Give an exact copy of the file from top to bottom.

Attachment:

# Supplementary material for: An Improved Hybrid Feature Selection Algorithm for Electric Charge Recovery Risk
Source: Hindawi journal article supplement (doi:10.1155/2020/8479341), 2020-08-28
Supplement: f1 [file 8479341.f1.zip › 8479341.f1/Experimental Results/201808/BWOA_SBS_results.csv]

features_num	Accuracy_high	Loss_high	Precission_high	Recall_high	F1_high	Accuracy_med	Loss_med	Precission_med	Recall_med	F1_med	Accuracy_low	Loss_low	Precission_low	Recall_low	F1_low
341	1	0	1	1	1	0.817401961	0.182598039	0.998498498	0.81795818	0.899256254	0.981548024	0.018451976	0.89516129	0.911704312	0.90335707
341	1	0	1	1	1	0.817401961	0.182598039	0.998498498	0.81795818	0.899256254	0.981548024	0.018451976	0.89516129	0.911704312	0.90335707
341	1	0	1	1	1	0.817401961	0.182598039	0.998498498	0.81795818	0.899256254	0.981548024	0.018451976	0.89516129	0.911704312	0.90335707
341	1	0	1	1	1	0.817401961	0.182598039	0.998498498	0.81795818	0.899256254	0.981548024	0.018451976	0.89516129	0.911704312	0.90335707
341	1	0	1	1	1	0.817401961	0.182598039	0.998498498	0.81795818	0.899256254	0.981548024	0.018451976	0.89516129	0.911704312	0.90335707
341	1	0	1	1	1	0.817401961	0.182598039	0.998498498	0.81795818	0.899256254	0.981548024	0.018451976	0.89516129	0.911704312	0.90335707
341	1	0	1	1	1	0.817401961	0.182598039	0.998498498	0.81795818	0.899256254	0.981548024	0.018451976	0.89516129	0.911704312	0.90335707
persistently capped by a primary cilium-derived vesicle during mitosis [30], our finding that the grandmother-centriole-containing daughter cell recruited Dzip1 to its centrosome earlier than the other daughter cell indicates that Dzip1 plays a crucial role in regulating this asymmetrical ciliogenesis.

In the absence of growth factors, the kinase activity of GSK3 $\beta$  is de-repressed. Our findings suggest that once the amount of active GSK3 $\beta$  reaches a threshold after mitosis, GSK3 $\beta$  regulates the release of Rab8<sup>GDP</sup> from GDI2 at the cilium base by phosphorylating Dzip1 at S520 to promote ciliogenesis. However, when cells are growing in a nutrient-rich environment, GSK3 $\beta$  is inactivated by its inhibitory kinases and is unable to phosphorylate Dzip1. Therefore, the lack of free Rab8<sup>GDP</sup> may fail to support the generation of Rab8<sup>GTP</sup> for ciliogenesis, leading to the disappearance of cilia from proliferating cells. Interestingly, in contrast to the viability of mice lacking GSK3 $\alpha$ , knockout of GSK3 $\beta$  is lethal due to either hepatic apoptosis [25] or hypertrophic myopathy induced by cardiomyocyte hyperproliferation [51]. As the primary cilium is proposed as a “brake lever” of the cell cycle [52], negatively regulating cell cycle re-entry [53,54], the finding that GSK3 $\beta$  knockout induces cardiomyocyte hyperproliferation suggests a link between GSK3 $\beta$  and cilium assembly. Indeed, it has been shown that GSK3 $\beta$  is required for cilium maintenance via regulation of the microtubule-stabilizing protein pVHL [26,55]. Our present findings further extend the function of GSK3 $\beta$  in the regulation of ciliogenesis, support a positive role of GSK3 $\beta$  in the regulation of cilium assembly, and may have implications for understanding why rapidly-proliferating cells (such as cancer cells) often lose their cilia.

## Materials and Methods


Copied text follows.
# Supplementary material for: An Improved Hybrid Feature Selection Algorithm for Electric Charge Recovery Risk
Source: Hindawi journal article supplement (doi:10.1155/2020/8479341), 2020-08-28
Supplement: f1 [file 8479341.f1.zip › 8479341.f1/Experimental Results/201808/BWOA_SBS_results.csv]

features_num	Accuracy_high	Loss_high	Precission_high	Recall_high	F1_high	Accuracy_med	Loss_med	Precission_med	Recall_med	F1_med	Accuracy_low	Loss_low	Precission_low	Recall_low	F1_low
341	1	0	1	1	1	0.817401961	0.182598039	0.998498498	0.81795818	0.899256254	0.981548024	0.018451976	0.89516129	0.911704312	0.90335707
341	1	0	1	1	1	0.817401961	0.182598039	0.998498498	0.81795818	0.899256254	0.981548024	0.018451976	0.89516129	0.911704312	0.90335707
341	1	0	1	1	1	0.817401961	0.182598039	0.998498498	0.81795818	0.899256254	0.981548024	0.018451976	0.89516129	0.911704312	0.90335707
341	1	0	1	1	1	0.817401961	0.182598039	0.998498498	0.81795818	0.899256254	0.981548024	0.018451976	0.89516129	0.911704312	0.90335707
341	1	0	1	1	1	0.817401961	0.182598039	0.998498498	0.81795818	0.899256254	0.981548024	0.018451976	0.89516129	0.911704312	0.90335707
341	1	0	1	1	1	0.817401961	0.182598039	0.998498498	0.81795818	0.899256254	0.981548024	0.018451976	0.89516129	0.911704312	0.90335707
341	1	0	1	1	1	0.817401961	0.182598039	0.998498498	0.81795818	0.899256254	0.981548024	0.018451976	0.89516129	0.911704312	0.90335707
persistently capped by a primary cilium-derived vesicle during mitosis [30], our finding that the grandmother-centriole-containing daughter cell recruited Dzip1 to its centrosome earlier than the other daughter cell indicates that Dzip1 plays a crucial role in regulating this asymmetrical ciliogenesis.

In the absence of growth factors, the kinase activity of GSK3 $\beta$  is de-repressed. Our findings suggest that once the amount of active GSK3 $\beta$  reaches a threshold after mitosis, GSK3 $\beta$  regulates the release of Rab8<sup>GDP</sup> from GDI2 at the cilium base by phosphorylating Dzip1 at S520 to promote ciliogenesis. However, when cells are growing in a nutrient-rich environment, GSK3 $\beta$  is inactivated by its inhibitory kinases and is unable to phosphorylate Dzip1. Therefore, the lack of free Rab8<sup>GDP</sup> may fail to support the generation of Rab8<sup>GTP</sup> for ciliogenesis, leading to the disappearance of cilia from proliferating cells. Interestingly, in contrast to the viability of mice lacking GSK3 $\alpha$ , knockout of GSK3 $\beta$  is lethal due to either hepatic apoptosis [25] or hypertrophic myopathy induced by cardiomyocyte hyperproliferation [51]. As the primary cilium is proposed as a “brake lever” of the cell cycle [52], negatively regulating cell cycle re-entry [53,54], the finding that GSK3 $\beta$  knockout induces cardiomyocyte hyperproliferation suggests a link between GSK3 $\beta$  and cilium assembly. Indeed, it has been shown that GSK3 $\beta$  is required for cilium maintenance via regulation of the microtubule-stabilizing protein pVHL [26,55]. Our present findings further extend the function of GSK3 $\beta$  in the regulation of ciliogenesis, support a positive role of GSK3 $\beta$  in the regulation of cilium assembly, and may have implications for understanding why rapidly-proliferating cells (such as cancer cells) often lose their cilia.

## Materials and Methods